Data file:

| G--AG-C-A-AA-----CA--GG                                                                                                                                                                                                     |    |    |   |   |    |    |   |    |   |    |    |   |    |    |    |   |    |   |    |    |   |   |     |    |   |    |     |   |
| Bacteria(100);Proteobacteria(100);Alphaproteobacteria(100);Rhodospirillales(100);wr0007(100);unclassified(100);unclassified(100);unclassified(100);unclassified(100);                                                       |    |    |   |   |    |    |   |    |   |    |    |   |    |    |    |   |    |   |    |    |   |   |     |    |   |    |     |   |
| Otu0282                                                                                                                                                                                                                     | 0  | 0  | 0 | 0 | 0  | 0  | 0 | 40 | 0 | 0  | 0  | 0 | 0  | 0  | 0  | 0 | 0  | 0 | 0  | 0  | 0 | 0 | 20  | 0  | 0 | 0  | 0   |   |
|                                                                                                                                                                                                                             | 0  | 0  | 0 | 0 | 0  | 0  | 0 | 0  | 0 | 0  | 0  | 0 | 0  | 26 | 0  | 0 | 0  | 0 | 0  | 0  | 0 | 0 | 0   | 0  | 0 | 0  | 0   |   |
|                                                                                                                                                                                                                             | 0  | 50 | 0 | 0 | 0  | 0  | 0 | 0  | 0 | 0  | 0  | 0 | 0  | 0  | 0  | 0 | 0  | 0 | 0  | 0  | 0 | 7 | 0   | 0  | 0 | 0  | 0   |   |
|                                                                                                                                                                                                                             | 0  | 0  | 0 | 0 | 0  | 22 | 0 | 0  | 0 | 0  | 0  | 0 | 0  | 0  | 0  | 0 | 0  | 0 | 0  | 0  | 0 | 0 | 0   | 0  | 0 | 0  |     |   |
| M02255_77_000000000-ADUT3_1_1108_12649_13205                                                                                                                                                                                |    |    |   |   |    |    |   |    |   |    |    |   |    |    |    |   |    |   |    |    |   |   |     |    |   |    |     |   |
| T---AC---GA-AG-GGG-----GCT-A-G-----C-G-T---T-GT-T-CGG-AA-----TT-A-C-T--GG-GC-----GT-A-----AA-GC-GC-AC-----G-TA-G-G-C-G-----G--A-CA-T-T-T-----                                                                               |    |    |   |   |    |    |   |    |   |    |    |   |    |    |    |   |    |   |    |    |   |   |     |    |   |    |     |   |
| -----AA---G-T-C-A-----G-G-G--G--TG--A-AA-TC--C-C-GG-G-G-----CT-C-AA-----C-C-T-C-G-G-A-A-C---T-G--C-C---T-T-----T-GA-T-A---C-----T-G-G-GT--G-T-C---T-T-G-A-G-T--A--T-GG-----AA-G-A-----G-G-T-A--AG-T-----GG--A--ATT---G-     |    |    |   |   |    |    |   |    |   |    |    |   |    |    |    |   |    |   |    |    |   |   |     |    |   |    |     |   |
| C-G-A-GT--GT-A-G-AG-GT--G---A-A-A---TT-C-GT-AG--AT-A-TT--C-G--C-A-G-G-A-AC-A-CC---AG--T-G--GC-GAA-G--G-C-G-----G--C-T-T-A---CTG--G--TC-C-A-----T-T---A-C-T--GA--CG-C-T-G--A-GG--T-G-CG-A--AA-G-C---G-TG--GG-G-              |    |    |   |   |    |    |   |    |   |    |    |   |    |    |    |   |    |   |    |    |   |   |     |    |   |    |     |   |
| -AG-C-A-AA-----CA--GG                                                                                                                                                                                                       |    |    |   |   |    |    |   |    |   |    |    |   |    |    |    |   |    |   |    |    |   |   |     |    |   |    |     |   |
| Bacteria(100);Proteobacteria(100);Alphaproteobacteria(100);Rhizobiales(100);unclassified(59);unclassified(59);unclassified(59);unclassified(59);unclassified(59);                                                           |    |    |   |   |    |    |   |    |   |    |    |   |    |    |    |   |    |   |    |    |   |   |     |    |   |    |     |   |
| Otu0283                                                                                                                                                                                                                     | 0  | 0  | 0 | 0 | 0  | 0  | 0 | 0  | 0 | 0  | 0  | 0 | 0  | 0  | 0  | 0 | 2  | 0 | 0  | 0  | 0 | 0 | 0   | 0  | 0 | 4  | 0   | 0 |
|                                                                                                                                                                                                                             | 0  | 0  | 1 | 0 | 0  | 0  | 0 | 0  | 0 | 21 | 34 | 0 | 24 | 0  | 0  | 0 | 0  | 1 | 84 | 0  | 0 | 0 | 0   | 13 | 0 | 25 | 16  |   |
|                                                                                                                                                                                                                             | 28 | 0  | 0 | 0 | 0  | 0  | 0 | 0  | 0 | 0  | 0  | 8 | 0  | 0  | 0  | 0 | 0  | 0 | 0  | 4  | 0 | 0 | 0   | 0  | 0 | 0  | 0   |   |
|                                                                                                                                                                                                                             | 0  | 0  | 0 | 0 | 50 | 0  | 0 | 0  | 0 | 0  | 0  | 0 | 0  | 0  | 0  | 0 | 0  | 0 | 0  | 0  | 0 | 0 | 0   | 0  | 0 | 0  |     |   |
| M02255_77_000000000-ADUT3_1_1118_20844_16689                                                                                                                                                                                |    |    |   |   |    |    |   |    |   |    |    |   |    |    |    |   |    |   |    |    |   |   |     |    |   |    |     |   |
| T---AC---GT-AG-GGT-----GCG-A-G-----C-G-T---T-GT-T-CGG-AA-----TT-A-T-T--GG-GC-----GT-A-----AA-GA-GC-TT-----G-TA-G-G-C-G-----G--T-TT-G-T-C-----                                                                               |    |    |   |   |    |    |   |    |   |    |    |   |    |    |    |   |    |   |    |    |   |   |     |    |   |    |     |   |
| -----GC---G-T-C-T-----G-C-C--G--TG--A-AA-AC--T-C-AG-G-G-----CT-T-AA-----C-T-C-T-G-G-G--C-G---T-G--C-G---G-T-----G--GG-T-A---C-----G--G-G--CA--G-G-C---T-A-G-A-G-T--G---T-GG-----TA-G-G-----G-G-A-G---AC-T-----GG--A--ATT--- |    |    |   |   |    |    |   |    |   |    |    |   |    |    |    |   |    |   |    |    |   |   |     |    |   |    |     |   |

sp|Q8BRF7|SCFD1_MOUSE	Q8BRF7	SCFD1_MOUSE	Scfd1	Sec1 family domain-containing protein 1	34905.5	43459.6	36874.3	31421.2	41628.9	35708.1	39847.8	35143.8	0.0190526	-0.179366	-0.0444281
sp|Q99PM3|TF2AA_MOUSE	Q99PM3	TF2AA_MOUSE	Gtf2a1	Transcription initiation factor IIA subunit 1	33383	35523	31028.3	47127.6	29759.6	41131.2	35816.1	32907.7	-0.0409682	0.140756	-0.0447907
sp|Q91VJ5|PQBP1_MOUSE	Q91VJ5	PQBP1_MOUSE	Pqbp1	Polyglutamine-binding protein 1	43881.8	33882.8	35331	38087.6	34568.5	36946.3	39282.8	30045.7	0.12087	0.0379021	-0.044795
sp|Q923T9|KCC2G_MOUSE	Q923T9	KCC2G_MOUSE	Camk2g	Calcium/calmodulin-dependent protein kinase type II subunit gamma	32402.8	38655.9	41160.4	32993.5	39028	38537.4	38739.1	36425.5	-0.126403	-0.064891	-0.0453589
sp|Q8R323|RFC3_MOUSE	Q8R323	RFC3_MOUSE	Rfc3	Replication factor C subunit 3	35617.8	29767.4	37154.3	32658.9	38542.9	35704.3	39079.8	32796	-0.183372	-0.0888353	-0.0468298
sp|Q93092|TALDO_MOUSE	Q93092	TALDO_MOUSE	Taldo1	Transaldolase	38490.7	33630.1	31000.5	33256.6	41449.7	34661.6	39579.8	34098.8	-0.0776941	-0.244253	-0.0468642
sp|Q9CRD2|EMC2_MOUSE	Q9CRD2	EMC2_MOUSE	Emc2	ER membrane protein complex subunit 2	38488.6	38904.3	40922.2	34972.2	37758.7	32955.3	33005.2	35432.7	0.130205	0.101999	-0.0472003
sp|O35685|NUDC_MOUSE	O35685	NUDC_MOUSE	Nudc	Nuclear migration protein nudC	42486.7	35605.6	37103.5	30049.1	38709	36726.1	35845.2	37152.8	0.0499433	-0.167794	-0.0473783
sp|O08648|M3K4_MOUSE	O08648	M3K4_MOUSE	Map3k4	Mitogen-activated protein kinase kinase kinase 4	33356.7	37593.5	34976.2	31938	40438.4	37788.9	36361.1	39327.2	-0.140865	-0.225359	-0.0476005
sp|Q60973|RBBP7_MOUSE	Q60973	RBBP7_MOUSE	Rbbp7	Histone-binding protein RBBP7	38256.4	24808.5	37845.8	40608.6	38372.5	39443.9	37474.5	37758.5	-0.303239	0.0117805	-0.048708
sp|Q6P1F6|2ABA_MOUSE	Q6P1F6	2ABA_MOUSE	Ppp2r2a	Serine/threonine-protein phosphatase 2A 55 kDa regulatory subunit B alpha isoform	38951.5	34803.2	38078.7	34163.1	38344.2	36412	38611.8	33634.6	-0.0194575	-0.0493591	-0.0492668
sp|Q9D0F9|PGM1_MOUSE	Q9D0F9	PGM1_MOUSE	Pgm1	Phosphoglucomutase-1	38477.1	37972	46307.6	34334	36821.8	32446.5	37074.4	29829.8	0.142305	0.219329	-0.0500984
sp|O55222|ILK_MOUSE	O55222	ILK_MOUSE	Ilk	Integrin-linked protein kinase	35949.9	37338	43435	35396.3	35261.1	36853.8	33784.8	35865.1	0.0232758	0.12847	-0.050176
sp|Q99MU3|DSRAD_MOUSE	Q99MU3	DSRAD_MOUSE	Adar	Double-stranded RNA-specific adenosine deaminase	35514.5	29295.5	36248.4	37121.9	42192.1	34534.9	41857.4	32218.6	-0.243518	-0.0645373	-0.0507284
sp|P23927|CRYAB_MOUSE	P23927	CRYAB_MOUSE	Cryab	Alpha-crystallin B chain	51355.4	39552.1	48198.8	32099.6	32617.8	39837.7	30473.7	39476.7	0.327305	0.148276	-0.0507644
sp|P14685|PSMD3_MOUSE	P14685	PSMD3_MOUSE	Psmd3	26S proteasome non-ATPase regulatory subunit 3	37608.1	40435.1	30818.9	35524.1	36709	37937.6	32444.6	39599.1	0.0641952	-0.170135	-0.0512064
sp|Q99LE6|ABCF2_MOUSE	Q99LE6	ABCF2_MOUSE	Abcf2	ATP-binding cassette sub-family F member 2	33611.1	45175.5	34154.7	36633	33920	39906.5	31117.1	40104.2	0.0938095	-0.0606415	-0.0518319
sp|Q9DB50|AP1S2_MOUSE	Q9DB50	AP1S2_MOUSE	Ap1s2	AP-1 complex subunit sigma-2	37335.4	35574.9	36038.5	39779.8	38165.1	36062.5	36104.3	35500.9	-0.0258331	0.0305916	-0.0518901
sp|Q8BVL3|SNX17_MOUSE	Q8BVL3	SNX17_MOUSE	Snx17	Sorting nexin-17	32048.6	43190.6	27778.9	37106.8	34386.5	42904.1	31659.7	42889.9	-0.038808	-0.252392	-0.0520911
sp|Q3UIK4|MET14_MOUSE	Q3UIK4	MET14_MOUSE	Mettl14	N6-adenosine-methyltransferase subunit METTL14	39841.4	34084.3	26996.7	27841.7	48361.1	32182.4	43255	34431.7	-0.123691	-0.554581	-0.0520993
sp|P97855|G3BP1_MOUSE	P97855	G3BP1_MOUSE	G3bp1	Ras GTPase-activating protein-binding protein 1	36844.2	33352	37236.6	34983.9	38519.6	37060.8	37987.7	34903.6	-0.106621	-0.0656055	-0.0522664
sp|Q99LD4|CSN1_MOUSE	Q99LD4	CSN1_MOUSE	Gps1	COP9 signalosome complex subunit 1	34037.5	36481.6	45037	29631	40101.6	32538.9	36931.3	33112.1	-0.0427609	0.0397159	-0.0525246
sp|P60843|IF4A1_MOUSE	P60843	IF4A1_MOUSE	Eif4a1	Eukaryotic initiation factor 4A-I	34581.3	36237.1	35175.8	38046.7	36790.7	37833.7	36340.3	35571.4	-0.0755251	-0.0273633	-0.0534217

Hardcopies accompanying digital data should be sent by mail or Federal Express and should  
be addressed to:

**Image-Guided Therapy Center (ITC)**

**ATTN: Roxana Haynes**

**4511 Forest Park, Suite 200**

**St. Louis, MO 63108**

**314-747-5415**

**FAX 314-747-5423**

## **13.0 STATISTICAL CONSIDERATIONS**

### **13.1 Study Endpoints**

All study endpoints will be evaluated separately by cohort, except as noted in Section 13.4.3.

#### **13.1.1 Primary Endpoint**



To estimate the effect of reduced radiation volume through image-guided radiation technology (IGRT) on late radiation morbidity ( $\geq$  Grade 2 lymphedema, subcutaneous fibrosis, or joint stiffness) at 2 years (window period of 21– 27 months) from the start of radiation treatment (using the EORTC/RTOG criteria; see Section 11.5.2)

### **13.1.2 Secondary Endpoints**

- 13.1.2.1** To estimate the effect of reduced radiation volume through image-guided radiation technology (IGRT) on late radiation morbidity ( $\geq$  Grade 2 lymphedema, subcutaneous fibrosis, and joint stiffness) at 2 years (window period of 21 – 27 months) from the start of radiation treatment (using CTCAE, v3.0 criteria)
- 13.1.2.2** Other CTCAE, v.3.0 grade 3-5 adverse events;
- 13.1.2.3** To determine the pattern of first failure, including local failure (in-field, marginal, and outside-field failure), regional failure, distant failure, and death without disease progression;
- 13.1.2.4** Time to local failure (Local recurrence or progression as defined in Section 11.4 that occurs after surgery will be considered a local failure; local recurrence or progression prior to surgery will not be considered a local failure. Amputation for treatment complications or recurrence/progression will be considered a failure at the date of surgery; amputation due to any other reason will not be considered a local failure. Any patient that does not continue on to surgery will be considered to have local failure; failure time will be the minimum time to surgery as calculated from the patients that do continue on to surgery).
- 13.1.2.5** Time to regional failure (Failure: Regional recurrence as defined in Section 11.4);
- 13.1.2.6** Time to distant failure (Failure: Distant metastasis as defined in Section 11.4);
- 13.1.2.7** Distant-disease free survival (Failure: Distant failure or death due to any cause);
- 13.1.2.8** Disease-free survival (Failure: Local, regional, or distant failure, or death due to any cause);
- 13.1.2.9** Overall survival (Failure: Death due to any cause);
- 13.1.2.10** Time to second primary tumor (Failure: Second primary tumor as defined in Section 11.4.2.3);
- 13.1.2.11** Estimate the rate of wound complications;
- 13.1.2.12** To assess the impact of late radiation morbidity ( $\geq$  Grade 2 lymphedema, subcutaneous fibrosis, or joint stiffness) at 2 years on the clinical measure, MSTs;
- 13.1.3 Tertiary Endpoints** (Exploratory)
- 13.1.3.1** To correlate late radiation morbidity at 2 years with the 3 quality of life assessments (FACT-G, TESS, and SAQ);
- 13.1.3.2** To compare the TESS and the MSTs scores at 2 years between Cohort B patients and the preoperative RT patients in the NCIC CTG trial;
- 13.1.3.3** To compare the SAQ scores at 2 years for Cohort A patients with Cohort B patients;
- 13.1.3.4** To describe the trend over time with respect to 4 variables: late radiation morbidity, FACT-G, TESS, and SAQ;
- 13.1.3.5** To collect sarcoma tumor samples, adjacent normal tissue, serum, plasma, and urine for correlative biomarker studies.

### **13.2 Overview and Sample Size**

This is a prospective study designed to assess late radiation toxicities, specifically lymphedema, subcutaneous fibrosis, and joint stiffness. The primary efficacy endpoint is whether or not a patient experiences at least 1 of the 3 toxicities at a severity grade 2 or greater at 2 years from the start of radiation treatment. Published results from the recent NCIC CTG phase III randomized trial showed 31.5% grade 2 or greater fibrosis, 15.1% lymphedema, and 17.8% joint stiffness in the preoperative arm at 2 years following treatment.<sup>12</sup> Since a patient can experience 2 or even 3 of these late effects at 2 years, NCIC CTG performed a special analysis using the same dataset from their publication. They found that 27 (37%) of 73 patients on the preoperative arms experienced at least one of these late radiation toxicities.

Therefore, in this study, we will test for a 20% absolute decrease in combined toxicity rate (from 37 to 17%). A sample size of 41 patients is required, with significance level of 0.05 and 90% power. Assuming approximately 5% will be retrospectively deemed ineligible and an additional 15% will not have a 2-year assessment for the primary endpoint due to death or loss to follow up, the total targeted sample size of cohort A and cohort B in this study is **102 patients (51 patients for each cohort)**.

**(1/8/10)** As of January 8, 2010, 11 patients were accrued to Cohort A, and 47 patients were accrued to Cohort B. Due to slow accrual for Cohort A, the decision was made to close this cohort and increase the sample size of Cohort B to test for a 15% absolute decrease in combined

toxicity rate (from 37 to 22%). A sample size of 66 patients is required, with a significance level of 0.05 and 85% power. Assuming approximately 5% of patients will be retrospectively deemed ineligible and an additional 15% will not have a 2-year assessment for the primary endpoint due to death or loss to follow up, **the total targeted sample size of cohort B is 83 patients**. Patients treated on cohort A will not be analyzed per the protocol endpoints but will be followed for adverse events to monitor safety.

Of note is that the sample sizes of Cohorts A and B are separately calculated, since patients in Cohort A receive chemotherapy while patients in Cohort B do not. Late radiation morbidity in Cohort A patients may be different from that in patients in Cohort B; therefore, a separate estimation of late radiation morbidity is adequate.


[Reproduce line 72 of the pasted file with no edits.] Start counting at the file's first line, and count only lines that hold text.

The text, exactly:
- 13.1.3.3** To compare the SAQ scores at 2 years for Cohort A patients with Cohort B patients;